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Titan Tribune

The Online Student Newspaper of Central Bucks High School South

Titan Tribune

The Online Student Newspaper of Central Bucks High School South

Titan Tribune

Lunchtime Foes turned Fantastic Fiction

This current PhD student transforms the lunch she was bullied for eating into a successful children’s book.
Lunchtime Foes turned Fantastic Fiction

“If you don’t see yourself in a story, put yourself in a story,” said Brittany Powell in a message dedicated to her young readers. “Start writing.”

Miss Powell did exactly that and has now published a children’s book. The Perfect Lunch tells her story—the reality of being a first generation American.

Miss Powell’s family moved to the U.S. from the small Caribbean Island of Jamaica when she was a young girl. The island has about 2.9 million inhabitants, and yet its impact on the world is profound. When one thinks of Jamaica one may think of the colorful array of dishes: ackee or beef patties or bammy or fried plantains or crispy, melt-in-your-mouth salt fish flitters.

On Miss Powell’s first day of fourth grade in Wilmington, Delaware she asked her mother, Heather Levy, to make her favorite (salt fish flitters) for lunch. At school she was bullied relentlessly.

She would never ask to bring a Jamaican meal to lunch again.

Twenty years later she sat down and began drafting a book that provided an “alternative ending” to this condemnation of her culture. The Perfect Lunch, which features Miss Powell as the main character, follows her first day of fourth grade. She teaches her target audience that differences should be celebrated—not shamed.

Writing this book was no easy feat, but the support of her mother got her through. “My mom saw the vision before I did. Having her constantly checking in and believing in me was huge,” said Miss Powell.

To get in the mindset of writing a children’s book, Miss Powell used her prior experience as a third-grade literacy teacher. She surrounded herself with children’s books for guidance and inspiration. Between drafts, she would ask for the opinion of her eight-year-old students (the most honest demographic out there). Miss Powell even gathered a coalition of coworkers to edit her writing. Readers must thank the feedback of others for the inclusion of some of the most memorable aspects of her book.

One of these things was the Jamaican dialect known as Patois; it is a form of broken English with West African influences that was developed in the 17th century. There are many Patois speaking communities scattered across the world, some of which are in the United States, Canada, and the United Kingdom. Miss Powell knew that her readers would be able to “decode” the lines of her language easily and wanted to take this step to expose young children to new cultures.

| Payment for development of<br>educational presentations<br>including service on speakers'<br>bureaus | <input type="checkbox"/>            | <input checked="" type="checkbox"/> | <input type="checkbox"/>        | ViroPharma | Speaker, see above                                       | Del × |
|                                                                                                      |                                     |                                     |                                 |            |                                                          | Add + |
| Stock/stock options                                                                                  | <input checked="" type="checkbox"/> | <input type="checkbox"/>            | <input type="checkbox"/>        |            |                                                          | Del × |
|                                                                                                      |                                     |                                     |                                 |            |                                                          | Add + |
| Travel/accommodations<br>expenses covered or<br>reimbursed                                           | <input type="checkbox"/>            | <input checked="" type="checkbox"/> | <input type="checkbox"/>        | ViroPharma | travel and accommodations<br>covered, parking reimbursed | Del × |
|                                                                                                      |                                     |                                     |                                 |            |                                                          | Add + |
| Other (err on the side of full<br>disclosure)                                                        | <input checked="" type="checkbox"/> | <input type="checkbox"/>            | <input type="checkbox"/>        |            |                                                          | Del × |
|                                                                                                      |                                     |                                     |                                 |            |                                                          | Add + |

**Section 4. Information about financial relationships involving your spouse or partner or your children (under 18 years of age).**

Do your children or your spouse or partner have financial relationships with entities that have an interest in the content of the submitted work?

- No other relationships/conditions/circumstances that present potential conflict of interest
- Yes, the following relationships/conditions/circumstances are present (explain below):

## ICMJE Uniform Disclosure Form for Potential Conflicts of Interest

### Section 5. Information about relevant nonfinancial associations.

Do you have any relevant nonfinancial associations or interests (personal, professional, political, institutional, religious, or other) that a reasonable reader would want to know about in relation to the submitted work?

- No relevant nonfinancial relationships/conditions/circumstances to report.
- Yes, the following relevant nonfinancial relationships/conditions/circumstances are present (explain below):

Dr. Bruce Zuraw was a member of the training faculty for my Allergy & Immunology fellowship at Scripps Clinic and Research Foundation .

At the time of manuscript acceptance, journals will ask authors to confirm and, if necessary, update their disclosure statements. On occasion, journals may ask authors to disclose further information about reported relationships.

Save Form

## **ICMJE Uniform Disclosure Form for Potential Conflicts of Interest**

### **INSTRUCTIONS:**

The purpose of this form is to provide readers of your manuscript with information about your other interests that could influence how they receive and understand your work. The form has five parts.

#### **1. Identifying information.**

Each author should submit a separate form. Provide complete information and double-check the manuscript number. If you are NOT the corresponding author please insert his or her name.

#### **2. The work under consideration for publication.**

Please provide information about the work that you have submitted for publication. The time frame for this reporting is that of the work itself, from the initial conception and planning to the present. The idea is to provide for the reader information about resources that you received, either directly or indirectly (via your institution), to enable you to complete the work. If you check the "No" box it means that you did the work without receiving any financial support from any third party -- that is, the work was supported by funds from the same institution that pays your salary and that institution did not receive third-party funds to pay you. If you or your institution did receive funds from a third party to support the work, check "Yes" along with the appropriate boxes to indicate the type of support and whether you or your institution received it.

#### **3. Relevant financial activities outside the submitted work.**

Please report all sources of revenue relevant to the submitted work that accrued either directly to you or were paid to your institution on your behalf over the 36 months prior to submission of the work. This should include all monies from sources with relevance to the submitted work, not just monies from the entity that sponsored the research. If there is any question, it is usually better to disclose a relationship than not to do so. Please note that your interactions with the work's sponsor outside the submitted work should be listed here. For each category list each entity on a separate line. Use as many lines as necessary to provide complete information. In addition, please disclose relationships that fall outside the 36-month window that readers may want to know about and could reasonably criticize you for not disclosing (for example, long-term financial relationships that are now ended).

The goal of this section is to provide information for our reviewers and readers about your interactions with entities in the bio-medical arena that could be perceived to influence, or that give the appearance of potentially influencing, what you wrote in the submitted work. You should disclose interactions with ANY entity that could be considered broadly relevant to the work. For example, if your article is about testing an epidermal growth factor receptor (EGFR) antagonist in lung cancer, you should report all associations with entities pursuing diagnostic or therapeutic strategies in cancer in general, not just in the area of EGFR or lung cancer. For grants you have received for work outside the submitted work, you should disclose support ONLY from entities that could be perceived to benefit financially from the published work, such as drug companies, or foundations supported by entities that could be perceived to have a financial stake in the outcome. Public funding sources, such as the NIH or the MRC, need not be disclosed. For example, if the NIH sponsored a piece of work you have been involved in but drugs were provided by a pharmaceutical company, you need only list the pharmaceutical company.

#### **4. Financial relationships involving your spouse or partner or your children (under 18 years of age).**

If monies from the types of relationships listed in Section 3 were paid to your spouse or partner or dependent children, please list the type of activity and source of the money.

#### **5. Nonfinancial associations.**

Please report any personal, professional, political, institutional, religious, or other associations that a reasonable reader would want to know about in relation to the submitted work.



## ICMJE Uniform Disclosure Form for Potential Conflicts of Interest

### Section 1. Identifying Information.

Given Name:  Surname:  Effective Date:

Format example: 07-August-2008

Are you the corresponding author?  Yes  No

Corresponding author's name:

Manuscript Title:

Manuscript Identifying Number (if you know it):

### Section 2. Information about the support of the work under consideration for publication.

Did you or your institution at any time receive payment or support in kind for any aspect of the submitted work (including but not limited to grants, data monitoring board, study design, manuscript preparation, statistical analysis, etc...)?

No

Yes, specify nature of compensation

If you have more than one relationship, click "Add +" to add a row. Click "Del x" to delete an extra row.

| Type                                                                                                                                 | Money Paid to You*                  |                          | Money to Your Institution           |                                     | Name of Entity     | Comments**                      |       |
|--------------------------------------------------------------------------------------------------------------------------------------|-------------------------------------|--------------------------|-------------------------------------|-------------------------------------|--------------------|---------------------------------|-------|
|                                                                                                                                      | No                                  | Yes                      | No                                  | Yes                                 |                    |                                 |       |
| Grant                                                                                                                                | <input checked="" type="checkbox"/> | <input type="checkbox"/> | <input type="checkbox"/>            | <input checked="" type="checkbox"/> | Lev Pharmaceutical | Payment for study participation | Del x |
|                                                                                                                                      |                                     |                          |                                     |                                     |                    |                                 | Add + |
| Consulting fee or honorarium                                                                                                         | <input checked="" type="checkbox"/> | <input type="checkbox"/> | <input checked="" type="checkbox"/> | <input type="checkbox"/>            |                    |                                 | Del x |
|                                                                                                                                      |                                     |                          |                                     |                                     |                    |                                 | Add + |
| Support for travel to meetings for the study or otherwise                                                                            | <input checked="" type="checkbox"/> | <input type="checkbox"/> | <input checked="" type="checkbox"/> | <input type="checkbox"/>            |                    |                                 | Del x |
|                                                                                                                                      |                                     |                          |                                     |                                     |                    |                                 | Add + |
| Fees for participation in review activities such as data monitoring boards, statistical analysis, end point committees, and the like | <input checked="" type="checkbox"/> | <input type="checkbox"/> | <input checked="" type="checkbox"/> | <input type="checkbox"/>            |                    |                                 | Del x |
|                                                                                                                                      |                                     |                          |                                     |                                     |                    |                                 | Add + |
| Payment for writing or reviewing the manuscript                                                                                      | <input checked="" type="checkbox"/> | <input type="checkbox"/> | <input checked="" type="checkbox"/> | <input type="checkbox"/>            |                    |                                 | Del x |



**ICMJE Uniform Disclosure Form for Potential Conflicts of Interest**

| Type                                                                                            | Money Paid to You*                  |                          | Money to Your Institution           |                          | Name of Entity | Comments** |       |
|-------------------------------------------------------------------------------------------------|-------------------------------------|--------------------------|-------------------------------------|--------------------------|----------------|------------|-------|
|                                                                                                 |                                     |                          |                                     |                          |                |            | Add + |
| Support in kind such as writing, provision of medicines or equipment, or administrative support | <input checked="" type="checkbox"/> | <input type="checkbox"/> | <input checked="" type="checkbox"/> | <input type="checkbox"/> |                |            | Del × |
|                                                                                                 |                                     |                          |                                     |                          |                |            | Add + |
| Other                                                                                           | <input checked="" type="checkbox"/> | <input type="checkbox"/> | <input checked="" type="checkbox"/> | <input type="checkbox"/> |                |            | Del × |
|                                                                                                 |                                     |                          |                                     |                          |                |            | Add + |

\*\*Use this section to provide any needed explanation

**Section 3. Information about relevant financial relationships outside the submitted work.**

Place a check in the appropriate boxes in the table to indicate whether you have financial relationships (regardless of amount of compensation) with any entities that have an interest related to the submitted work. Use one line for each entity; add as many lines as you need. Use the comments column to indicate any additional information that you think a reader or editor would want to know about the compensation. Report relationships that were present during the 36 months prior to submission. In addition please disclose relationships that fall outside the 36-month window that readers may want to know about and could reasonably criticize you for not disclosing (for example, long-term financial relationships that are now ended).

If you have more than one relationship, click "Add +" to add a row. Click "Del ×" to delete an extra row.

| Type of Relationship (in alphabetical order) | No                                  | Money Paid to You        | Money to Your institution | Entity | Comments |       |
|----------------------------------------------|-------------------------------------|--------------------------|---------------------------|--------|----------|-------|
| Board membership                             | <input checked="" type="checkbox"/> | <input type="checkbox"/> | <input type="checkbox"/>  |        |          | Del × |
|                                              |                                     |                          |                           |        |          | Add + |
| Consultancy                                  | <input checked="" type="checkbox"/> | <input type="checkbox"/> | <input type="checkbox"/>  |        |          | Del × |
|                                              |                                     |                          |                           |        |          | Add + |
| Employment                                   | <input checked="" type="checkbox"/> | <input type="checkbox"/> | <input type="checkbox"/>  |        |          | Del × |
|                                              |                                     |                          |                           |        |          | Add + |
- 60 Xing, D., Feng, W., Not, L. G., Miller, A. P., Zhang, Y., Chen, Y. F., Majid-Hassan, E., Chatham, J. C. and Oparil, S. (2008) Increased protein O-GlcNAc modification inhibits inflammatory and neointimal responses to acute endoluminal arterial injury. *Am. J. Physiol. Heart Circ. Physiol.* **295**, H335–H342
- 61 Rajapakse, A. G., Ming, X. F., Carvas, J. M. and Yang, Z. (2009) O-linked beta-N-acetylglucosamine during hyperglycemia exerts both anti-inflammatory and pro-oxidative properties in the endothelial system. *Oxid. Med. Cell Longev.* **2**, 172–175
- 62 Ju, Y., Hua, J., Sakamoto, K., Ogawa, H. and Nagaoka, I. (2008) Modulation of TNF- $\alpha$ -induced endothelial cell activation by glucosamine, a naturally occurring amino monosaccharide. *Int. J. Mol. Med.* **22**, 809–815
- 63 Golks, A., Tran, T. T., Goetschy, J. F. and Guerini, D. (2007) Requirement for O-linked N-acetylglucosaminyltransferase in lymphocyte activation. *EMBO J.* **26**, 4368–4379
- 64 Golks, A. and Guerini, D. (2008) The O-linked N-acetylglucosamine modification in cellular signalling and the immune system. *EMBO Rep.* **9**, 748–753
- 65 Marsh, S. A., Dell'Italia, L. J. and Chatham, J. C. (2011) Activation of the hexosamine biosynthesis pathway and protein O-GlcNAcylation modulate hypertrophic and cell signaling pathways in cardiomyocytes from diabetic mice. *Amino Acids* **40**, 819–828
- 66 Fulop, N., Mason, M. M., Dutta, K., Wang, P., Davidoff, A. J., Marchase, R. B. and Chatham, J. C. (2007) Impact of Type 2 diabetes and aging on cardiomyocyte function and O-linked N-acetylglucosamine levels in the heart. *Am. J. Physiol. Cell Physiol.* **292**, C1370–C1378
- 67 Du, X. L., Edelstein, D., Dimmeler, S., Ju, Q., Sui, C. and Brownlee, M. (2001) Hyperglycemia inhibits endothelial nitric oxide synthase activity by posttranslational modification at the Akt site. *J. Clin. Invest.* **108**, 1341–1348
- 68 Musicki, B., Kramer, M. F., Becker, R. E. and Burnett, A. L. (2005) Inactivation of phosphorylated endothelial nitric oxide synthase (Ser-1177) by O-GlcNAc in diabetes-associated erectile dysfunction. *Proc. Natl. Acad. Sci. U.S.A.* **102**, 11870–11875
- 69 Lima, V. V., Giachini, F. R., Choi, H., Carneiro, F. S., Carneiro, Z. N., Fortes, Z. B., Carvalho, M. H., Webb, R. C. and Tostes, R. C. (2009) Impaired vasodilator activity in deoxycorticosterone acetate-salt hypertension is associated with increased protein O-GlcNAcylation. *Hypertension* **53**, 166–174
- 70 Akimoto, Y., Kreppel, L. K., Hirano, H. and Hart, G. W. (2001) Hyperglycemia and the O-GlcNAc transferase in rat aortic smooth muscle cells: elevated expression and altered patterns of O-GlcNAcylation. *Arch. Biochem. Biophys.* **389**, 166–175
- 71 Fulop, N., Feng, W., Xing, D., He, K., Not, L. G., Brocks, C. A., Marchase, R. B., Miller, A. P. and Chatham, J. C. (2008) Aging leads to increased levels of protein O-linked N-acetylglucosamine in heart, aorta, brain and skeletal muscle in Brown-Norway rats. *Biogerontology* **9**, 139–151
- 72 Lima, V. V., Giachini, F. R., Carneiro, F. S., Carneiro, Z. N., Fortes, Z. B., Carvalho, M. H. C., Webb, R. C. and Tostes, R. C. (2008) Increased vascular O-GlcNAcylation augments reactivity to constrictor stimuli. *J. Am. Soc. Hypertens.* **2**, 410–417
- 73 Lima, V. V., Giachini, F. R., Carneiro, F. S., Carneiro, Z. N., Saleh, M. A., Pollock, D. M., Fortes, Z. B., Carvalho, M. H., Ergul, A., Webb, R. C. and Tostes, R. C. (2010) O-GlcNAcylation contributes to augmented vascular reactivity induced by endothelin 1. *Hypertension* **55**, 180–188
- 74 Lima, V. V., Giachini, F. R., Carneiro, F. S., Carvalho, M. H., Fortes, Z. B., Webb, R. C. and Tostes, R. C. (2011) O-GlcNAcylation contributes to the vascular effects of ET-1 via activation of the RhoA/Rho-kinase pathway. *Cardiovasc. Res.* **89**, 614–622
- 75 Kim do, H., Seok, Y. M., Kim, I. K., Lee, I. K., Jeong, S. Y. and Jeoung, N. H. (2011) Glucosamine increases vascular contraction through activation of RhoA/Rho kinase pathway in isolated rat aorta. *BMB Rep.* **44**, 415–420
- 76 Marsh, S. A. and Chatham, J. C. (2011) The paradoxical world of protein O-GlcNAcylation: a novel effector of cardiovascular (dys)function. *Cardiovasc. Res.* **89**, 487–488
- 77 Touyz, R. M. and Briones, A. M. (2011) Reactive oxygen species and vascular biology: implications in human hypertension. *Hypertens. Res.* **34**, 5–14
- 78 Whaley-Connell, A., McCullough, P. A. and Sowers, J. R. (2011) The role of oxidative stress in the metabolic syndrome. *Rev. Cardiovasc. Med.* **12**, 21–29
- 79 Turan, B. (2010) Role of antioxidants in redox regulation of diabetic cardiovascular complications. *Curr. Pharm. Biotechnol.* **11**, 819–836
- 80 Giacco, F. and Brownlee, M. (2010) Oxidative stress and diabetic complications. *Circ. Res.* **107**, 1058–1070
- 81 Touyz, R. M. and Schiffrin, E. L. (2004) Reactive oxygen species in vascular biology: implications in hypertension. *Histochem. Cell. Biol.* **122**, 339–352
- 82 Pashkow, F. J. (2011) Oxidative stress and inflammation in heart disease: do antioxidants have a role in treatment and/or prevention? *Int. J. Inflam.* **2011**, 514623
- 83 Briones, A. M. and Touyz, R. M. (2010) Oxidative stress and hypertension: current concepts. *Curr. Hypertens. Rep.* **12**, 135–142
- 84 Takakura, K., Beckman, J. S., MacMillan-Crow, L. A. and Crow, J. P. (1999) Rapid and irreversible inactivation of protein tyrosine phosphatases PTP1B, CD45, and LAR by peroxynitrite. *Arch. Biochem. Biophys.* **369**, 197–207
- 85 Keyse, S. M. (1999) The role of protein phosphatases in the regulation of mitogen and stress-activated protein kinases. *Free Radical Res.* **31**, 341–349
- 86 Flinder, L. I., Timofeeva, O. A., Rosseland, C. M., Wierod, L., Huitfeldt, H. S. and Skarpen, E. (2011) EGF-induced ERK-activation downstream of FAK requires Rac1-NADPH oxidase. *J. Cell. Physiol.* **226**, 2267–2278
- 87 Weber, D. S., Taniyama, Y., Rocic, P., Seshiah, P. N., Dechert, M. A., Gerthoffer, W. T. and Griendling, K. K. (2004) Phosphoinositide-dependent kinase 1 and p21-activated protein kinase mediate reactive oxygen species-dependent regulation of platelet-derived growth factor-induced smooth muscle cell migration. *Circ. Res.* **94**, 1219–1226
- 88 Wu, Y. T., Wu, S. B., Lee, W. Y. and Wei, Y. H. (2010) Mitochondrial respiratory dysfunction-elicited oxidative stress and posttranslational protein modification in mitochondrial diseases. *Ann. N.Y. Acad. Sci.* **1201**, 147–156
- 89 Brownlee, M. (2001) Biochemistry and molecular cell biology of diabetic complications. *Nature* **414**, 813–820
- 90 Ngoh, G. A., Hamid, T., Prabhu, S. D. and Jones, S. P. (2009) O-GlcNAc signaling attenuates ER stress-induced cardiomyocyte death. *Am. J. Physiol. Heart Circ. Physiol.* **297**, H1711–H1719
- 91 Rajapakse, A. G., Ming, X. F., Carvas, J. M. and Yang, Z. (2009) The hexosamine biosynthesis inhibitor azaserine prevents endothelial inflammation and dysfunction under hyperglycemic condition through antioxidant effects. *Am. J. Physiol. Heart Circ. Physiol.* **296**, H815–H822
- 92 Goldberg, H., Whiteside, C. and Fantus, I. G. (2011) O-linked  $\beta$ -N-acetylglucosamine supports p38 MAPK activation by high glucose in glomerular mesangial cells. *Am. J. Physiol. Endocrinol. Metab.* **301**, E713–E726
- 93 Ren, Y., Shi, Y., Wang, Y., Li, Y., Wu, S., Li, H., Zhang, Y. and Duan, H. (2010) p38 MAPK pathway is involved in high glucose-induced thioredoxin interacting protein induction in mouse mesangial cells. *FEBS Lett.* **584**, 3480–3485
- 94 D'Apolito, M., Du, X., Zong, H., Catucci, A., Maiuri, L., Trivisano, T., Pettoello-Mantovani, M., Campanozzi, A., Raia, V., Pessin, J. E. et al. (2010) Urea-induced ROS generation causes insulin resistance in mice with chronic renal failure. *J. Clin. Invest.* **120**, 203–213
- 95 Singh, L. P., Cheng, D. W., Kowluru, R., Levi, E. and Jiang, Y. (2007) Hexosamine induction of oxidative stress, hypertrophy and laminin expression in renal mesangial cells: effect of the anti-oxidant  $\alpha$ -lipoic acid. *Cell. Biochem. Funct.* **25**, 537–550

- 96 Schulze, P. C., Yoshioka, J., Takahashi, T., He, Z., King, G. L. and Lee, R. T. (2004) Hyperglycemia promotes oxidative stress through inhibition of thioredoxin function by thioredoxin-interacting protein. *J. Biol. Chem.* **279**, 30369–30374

When writing was finally complete, Miss Powell turned to Clovis Brown, her God father, for the illustrations. Mr. Brown is an editorial cartoonist in Kingston, Jamaica. He has made a name for himself with his “ClovisToons” in the Jamaica Observer (the daily newspaper). Miss Powell chose to self-publish her book through Amazon; once it hit the market, she celebrated with a family book signing. Soon after, a new passion emerged.

She delved into starting a read-aloud mission: Read and Represent. It was piloted in a public school in Wilmington, Delaware and welcomes current undergraduate students into elementary schools for read-alouds of books with diverse characters and authors. “My mission is to have a plethora of different people be seen and learned about through reading,” said Miss Powell.

The young author has big—and even bigger—plans for her future. She shared that she is currently working on a second children’s book. She wouldn’t tease the title, but she said, “The one I’m currently working on is about a little black boy who wants to be a teacher.” She is even planning a series of books revolving around black history for young readers. On top of this, Miss Powell wants to pursue educational entrepreneurship.

For now, she is changing the world one picture book at a time.

Miss Powell features the Jamaican saying, “We likkle but we tallawah” on the first page of The Perfect Lunch. She said, “It means we may be small, but we are strong, we are mighty—and we can do anything.”

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